Terrestrial Species & Populations
Aquatic Species & Populations
Terrestrial Habitats & Communities
Aquatic Habitats & Communities
|AESTHETICS||HUMAN INTEREST /SOCIAL|
The human concerns are separated into four main categories (see Table 4.4):
Each category contains a number of components that have been selected specifically for use in all U.S. Bureau of Reclamation water-resource development project.
For each component, Battelle has developed an index of environmental quality, normalized to a scale ranging from 0 to 1, using a value function method. Each impact indicator is then given as the difference in environmental quality between the states with and without action.
Two examples of Battelle 'value functions' are given in Figure 4.4. The rationale for Part (a) of the diagram is as follows. In the western United States, optimum populations of livestock and/or wild herbivores such as deer and elk are such that about 50 to 60% of the net annual above-ground production of plants is consumed; When this percentage is exceeded, the stability of the system is disturbed (overgrazing); when it is not reached, the full potential of the system for grazing is not being used. In Part (b) of Figure 4.4, a value function is given for dissolved oxygen, which is a commonly used index of water quality. Dee et al. (1972) recommend the following procedure for determining value functions:
Step 1: Obtain information on the relationship between the parameter and the quality of the environment.
Step 2: Order the parameter scale (abscissa) so that the lowest value is zero.
Step 3: Divide the quality scale (ordinate) into equal intervals between 0 to 1, and determine the appropriate value of the parameter for each interval. Continue the process until a curve can be drawn.
Step 4: Ask several different specialists to repeat Steps 1 to 3 independently. Average the curves to obtain a group curve. (For parameters based solely on value judgements, use a representative cross-section of the population.)
Step 5: Show curves to all participants, and ask for a review if there are large variations. Modify the group curve as appropriate.
Step 6: Repeat Steps 1-5 with a separate group of specialists, to test for reproducibility.
Step 7: Repeat Steps 1-6 for all the selected parameters.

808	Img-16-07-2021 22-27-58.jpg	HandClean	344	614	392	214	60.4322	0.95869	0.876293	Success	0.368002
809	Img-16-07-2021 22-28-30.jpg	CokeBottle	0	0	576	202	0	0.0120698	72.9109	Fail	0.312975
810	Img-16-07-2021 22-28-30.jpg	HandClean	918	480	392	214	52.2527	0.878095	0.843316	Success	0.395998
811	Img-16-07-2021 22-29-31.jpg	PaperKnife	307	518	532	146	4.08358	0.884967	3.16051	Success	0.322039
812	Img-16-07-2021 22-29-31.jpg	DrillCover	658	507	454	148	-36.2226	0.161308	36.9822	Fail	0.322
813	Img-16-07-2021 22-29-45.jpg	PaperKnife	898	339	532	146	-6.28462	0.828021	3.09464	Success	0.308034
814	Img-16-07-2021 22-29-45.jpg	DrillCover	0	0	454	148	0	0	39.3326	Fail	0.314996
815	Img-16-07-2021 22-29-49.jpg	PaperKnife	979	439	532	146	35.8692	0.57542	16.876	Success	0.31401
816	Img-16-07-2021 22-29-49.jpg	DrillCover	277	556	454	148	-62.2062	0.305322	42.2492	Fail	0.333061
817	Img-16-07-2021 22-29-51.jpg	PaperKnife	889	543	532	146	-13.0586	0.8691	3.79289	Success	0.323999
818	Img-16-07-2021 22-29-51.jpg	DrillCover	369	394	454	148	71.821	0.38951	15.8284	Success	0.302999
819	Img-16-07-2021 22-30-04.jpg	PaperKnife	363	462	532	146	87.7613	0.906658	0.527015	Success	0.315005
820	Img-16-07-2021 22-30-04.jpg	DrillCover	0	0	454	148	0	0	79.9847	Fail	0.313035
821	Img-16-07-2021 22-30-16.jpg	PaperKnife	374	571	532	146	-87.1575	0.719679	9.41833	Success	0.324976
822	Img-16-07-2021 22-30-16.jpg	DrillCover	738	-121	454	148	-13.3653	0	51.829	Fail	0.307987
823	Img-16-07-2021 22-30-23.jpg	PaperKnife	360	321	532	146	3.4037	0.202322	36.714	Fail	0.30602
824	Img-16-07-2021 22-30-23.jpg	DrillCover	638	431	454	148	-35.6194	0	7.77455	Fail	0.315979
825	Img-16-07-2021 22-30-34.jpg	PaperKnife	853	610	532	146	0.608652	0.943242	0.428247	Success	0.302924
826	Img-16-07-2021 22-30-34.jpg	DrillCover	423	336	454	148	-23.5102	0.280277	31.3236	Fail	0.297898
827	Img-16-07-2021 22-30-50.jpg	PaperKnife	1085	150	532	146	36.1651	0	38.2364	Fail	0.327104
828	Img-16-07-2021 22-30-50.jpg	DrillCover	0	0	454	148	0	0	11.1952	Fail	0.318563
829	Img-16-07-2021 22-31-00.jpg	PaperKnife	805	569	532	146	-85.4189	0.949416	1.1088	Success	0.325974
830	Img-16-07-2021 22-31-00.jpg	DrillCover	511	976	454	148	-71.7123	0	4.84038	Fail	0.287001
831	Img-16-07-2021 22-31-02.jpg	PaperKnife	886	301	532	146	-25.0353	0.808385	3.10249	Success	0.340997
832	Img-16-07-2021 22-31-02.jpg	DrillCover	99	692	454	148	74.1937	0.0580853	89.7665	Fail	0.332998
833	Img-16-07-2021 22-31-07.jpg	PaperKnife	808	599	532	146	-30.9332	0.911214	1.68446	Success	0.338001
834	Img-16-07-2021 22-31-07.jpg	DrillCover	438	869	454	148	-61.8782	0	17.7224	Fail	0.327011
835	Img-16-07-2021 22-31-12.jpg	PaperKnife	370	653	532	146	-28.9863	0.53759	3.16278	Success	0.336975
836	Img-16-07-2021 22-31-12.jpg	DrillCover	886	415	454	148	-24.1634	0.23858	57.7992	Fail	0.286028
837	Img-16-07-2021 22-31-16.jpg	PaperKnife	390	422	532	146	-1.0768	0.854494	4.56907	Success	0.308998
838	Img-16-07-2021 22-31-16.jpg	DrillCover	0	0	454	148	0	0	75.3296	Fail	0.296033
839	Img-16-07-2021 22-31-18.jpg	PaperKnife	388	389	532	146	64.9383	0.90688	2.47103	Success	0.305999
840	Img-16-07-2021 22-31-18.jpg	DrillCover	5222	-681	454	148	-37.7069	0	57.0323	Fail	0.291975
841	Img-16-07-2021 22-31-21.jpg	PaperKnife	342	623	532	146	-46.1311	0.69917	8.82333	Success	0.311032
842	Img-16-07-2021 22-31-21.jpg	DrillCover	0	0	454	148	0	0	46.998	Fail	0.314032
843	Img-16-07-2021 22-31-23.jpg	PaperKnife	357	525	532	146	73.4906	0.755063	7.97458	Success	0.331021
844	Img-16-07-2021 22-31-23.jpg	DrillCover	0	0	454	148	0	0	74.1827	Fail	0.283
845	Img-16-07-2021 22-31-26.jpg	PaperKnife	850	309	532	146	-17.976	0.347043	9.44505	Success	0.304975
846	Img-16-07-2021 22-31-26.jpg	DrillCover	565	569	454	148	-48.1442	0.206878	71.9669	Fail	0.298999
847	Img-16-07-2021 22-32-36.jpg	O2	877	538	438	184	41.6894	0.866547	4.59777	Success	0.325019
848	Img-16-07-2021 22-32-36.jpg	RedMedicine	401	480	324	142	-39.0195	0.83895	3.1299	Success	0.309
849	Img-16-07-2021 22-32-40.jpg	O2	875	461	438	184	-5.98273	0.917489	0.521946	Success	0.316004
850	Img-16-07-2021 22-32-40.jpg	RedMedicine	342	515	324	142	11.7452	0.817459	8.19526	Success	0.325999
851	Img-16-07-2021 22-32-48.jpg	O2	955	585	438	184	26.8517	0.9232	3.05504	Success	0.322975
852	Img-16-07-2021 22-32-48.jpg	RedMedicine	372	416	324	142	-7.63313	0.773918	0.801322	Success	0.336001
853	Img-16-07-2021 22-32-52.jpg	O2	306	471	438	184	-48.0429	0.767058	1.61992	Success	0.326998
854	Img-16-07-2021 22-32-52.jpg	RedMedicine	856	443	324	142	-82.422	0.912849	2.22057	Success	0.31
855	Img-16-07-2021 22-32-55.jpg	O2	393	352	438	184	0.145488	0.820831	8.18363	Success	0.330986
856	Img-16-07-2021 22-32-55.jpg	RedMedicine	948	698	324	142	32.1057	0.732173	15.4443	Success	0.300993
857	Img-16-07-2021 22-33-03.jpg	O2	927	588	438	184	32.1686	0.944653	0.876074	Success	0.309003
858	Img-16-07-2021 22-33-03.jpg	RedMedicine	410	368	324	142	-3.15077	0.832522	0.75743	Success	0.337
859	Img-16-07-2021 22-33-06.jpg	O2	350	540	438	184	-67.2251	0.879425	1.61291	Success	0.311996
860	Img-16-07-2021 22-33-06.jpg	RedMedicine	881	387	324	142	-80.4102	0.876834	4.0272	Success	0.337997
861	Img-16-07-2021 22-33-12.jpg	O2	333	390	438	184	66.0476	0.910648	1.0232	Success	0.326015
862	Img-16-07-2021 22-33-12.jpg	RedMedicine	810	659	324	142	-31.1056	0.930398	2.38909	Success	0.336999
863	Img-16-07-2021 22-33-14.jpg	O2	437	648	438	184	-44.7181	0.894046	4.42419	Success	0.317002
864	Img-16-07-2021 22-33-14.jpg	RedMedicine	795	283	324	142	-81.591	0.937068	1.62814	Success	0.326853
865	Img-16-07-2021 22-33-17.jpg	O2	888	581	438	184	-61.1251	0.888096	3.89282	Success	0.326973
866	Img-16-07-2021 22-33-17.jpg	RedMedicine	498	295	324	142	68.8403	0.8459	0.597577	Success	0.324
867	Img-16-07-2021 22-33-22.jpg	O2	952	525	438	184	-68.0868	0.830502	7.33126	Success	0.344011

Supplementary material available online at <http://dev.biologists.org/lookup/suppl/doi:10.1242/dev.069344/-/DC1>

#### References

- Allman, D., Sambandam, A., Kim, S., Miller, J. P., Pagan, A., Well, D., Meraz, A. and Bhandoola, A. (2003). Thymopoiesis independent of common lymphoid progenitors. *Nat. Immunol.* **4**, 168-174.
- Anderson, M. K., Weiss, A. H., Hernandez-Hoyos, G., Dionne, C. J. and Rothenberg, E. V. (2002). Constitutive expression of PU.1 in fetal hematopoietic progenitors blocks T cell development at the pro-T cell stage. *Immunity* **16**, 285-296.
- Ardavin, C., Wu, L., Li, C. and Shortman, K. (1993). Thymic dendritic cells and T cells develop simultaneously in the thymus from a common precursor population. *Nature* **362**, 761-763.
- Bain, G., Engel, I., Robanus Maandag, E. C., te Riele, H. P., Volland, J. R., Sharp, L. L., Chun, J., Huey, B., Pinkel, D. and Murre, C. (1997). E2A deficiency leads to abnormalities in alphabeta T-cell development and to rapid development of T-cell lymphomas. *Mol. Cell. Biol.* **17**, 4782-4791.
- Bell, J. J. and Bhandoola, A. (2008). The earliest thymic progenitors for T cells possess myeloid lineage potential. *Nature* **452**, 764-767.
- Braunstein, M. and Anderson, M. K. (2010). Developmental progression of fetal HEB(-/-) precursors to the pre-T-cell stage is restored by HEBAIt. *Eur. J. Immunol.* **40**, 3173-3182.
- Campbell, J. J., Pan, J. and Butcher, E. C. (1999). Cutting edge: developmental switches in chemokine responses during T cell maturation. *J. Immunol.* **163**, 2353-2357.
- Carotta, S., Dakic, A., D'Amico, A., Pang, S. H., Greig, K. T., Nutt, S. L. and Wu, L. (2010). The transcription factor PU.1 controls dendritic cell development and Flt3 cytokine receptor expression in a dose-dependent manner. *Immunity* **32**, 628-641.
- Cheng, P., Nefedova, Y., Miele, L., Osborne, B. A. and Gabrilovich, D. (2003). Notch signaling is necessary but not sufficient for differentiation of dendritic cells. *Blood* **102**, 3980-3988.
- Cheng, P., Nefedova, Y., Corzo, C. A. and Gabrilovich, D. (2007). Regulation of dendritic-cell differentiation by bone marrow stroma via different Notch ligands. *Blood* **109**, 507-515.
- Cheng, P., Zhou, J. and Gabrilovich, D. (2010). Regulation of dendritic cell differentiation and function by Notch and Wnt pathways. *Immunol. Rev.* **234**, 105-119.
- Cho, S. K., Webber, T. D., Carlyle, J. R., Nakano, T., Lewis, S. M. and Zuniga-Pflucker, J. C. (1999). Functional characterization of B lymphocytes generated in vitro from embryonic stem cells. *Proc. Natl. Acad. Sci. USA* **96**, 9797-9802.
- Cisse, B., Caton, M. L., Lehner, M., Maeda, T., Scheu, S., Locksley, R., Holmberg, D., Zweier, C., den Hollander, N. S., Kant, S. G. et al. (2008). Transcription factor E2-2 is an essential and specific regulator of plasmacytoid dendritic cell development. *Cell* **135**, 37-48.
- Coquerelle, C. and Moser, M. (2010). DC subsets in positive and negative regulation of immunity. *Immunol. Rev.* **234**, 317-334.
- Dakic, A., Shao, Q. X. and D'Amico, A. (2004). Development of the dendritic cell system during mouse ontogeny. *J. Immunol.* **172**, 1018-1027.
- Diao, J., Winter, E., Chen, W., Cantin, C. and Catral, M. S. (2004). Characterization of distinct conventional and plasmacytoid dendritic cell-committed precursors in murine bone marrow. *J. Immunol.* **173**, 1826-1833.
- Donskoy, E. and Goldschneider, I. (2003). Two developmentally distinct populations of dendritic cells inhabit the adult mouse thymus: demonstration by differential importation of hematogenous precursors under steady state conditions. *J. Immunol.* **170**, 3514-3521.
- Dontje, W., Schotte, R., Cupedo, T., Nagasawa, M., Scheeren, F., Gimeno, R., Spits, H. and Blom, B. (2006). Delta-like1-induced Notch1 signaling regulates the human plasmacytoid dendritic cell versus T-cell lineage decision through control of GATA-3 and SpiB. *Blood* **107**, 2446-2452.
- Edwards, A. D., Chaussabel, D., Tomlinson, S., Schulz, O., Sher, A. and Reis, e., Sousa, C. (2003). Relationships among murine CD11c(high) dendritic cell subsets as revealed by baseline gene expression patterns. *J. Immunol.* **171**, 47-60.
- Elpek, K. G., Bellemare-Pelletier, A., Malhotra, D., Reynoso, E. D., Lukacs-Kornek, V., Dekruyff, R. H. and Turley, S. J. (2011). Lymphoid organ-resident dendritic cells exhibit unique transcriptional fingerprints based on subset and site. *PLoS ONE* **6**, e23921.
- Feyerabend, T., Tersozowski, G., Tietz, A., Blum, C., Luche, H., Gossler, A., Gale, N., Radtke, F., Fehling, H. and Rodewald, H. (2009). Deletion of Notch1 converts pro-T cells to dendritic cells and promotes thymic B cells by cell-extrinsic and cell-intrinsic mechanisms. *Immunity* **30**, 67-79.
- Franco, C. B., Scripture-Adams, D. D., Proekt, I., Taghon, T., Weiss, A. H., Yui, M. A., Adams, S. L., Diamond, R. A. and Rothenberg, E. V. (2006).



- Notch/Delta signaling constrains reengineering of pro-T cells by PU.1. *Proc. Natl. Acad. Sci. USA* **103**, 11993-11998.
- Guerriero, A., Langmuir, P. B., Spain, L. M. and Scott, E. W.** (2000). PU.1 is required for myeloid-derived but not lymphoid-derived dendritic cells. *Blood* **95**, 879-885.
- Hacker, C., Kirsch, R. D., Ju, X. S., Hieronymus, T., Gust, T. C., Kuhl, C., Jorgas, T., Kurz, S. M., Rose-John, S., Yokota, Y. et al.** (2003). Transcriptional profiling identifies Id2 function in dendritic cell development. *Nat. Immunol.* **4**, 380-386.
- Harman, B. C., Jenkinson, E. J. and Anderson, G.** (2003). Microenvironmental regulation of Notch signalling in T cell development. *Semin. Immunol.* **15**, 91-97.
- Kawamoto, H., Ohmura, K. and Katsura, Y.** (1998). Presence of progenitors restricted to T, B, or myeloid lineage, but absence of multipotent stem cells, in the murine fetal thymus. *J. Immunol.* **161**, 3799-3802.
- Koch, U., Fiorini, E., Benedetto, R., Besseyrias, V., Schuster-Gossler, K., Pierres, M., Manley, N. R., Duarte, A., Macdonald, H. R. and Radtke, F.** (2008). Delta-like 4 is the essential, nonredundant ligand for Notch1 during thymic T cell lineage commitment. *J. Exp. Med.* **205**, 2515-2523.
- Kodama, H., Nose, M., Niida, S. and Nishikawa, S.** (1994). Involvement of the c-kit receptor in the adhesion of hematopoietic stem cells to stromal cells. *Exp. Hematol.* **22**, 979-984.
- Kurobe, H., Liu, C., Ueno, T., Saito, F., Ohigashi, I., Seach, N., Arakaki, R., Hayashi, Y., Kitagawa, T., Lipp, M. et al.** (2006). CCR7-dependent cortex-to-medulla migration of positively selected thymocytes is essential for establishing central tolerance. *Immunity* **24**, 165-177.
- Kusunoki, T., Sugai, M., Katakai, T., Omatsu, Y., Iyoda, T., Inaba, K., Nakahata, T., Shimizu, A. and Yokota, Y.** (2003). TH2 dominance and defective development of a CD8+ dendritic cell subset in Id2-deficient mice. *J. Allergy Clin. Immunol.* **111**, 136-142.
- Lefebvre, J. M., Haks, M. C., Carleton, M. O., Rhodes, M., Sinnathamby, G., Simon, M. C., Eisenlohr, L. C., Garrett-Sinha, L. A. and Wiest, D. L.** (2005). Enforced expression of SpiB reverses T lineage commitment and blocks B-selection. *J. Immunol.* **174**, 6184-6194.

The bracketed number that follows each entry in Table 4.4 is the relative weight assigned to each impact indicator. The weights are fixed for all similar types of projects. Given the value of each impact indicator and the associated weight, the overall impact of each project alternative may then be calculated by taking, weighted sums.
The system also incorporates a warning system, a series of red flags used to indicate that:
Red flags indicate areas where further studies are needed.
Figure 4.4 Exampes of environmental value functions: (a) terrestrial carrying capacity for browsers and grazers; (b) disso1ved oxygen (Dee et al., 1972)
The approach is comprehensive and at the same time selective. The assessor may select an appropriate level of detail.
The system is not mutually exclusive in the strict sense of the phrase. Impacts are not counted twice; nevertheless, the same impact may sometimes appear in different parts of the system. For example, the water-quality problems caused by high concentrations of suspended particulate matter are contained in the physical/ chemistry category (turbidity), while the associated aesthetic problems are to be found in the aesthetic category (appearance of water).
The method provides prediction on magnitudes on normalized scales, from which differences between the states with and without action can readily be determined.
The objectivity is high in terms of comparisons between alternatives and between projects. The value-function curves have been standardized, and the rationale for the shapes of these curves is public knowledge.
The system contains no effective mechanism for estimating or displaying interactions. However, the assessor is alerted to the possibility of uncertainty and of extremes by red flags.
The numerical weighting scheme is explicit, permitting calculation of a project impact for each alternative. Although any type of weighting scheme is controversial, this one has been developed from systematic studies and its rationale documented. The designers of the system believe strongly that the weights should not be allowed to vary within project alternatives.